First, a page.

In general, we work out of concerns regarding ill-conceived and unjust housing policy.  We want those who are responsible for housing policy to ‘get real’ about the housing situation for low-income people, and to move towards providing better, more permanent forms of support.  We consider current housing policies to be

▪   Ill-conceived because they assume housing to be a private issue, while as the foreclosure crisis should make clear, our fates (through housing but also other economic and social issues) are structurally shared.  Policy makers favor private over public investment and responsibility, claiming that “the private sector does it better” because it gets more for its money, is more productive, is more flexible, etc.  We have reason to believe this is not true historically (as Susan’s and others’ research argues) nor should it be considered an inherent truth- the potential of public programs remains to be seen.  Also, because public subsidies for low-income people are so contentious and under supported, and therefore not permanently institutionalized, the taxpayer money that is allocated to this need is under-utilized and often wasted.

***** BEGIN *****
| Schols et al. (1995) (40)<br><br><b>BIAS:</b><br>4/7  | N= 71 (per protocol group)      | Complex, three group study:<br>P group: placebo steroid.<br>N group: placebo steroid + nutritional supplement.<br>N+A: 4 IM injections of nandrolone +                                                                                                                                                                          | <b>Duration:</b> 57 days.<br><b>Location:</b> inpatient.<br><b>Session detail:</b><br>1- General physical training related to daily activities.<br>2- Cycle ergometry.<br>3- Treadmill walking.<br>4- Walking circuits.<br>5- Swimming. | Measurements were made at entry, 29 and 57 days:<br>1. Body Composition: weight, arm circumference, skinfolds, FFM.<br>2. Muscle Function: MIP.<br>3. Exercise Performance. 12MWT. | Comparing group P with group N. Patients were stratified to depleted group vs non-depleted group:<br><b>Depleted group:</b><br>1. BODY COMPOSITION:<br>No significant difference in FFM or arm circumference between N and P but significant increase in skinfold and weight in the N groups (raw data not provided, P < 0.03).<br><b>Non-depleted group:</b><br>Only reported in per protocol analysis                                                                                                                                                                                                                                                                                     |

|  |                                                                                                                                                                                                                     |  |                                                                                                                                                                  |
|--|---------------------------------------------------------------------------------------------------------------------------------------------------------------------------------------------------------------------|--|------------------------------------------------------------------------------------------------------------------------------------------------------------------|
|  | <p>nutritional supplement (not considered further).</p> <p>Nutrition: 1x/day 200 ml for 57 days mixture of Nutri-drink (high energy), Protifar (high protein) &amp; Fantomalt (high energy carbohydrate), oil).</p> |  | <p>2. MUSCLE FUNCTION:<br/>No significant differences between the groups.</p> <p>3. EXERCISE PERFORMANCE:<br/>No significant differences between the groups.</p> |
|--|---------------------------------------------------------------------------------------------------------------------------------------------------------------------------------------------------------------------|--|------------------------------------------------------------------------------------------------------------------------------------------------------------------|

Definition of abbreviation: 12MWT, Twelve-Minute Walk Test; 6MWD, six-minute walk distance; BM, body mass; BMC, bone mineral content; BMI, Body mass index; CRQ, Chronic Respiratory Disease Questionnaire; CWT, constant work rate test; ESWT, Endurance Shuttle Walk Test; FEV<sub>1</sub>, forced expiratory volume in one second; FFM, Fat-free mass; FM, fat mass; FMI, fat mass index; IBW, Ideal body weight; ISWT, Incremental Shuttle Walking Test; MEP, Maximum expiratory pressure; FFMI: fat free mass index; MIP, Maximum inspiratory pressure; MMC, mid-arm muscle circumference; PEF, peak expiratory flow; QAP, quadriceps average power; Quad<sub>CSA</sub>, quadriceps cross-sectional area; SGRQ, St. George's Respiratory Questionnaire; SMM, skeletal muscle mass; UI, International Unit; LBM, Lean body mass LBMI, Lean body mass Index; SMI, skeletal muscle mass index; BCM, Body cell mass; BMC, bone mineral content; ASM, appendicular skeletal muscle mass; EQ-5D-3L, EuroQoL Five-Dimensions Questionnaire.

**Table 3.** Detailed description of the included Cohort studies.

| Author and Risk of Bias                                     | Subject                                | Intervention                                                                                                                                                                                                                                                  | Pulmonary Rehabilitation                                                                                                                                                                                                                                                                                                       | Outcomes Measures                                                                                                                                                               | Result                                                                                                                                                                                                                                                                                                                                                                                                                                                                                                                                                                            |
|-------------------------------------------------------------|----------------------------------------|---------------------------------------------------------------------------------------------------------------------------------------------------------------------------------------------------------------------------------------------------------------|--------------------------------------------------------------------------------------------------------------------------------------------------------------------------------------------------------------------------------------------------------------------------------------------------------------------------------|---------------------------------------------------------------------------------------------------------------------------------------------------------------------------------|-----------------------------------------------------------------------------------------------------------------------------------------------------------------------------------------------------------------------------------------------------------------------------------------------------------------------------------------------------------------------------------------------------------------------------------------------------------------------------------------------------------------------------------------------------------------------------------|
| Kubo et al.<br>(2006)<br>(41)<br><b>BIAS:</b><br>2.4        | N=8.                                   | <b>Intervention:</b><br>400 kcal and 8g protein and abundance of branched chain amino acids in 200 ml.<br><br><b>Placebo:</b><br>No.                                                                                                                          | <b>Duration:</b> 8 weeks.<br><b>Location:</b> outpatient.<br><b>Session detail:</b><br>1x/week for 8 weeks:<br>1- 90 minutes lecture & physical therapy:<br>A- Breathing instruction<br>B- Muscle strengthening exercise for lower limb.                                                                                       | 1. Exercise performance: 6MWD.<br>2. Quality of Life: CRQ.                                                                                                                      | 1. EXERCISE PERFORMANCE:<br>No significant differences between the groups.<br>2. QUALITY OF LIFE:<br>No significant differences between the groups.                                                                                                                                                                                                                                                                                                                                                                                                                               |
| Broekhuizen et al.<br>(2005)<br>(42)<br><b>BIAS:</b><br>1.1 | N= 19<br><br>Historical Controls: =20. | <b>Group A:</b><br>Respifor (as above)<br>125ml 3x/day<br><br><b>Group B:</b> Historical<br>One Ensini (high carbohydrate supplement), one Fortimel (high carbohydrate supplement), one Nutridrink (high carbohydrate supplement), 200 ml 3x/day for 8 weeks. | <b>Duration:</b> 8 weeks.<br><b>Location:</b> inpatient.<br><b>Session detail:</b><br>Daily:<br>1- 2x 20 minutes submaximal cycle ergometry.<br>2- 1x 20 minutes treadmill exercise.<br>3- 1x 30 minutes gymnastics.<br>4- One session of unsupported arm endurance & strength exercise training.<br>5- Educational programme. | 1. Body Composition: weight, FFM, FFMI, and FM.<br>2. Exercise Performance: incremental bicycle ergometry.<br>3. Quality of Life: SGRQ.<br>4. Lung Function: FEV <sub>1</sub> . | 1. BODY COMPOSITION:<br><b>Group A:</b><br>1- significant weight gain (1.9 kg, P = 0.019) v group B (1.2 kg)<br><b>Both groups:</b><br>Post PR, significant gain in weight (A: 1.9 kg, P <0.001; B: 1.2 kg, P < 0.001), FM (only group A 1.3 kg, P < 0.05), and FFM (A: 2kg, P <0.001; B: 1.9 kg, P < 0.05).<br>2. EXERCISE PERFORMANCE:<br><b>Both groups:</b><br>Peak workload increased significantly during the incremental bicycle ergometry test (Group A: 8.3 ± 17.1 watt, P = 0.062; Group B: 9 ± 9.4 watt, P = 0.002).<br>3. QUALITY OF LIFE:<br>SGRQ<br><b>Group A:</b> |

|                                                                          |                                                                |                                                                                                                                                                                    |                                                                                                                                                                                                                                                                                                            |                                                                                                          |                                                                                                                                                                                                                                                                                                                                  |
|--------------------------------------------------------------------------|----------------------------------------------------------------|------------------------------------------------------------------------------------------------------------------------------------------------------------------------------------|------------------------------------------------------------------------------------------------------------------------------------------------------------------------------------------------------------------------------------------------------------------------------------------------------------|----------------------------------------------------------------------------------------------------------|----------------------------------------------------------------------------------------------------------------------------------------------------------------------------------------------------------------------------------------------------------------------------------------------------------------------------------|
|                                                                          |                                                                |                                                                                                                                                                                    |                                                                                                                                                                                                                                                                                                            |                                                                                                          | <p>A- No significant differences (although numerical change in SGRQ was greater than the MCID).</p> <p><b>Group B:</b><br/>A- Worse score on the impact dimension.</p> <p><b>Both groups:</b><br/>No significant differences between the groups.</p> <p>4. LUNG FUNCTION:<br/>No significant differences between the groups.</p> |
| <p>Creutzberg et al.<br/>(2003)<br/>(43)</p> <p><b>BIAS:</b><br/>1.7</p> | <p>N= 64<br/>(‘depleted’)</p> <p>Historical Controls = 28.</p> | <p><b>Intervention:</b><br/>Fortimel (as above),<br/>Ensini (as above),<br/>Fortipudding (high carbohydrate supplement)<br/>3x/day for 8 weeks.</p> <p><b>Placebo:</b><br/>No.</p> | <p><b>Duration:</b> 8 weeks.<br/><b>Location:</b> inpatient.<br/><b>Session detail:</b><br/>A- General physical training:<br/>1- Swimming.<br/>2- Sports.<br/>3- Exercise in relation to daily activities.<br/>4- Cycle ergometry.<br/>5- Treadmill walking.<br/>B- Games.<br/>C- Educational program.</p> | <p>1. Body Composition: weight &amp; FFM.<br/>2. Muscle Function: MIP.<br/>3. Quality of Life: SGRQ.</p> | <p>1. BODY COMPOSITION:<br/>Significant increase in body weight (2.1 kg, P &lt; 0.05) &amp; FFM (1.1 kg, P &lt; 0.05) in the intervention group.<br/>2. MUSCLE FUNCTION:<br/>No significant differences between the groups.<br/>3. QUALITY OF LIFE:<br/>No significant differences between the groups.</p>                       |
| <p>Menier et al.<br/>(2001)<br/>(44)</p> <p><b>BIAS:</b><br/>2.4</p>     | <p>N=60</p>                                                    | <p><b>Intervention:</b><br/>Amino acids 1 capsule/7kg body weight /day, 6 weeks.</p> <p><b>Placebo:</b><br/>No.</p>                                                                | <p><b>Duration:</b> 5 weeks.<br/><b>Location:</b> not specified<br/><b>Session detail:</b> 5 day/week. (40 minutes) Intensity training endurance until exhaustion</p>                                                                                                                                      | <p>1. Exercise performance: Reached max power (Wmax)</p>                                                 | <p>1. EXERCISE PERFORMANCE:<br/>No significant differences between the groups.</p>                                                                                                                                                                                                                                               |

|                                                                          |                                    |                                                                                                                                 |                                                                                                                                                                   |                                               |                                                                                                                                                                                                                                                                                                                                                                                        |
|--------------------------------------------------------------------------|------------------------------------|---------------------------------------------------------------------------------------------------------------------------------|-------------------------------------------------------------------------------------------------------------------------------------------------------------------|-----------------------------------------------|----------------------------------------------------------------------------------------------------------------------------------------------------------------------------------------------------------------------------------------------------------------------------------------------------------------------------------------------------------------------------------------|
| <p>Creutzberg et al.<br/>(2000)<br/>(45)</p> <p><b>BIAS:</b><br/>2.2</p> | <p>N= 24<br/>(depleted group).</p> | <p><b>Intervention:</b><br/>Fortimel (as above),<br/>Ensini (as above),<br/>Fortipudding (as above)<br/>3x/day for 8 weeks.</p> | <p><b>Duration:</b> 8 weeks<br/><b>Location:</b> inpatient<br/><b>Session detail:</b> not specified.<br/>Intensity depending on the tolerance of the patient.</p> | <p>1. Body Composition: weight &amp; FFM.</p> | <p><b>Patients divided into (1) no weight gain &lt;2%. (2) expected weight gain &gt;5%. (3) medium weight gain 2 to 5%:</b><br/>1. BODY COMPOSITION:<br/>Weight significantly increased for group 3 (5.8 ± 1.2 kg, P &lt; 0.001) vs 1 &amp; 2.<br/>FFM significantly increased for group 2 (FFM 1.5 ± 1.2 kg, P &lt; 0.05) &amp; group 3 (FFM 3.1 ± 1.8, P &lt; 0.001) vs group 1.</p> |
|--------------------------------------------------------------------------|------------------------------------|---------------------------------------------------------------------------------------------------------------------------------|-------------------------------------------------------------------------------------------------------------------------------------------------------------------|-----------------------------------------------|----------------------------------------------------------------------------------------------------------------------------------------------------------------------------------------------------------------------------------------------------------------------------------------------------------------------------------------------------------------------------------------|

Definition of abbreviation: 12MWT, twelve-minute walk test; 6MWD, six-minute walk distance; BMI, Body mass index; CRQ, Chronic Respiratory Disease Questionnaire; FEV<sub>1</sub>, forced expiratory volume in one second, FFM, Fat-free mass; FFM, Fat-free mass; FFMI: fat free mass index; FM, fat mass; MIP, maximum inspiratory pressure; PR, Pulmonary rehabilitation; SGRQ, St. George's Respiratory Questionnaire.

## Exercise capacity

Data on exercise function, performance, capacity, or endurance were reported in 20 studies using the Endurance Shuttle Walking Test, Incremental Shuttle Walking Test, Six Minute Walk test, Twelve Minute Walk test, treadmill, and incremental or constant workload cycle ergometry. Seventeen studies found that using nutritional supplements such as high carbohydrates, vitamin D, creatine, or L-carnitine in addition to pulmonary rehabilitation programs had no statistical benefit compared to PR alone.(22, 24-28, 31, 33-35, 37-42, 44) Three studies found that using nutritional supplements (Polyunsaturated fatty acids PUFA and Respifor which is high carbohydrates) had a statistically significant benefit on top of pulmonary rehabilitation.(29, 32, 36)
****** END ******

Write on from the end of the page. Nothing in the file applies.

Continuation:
▪   Unjust because they favor high-income people who have more and better options.  Not only do the meager public subsidies that exist for low-income people fall far short of what is needed, the wealthy are enjoying massive subsidies that go unmentioned (i.e. the home interest deduction).  In short, the housing market- much like education, healthcare, the job market, etc. – is not an even playing field.

We are building a research program at the GC that aims to address the above concerns by raising the visibility of housing as a public issue and by contributing to the development of more just and better-conceived alternatives.  Ideally, we will work with other research groups at the GC and elsewhere to connect housing with issues like community development, heath, the aging population, education, etc.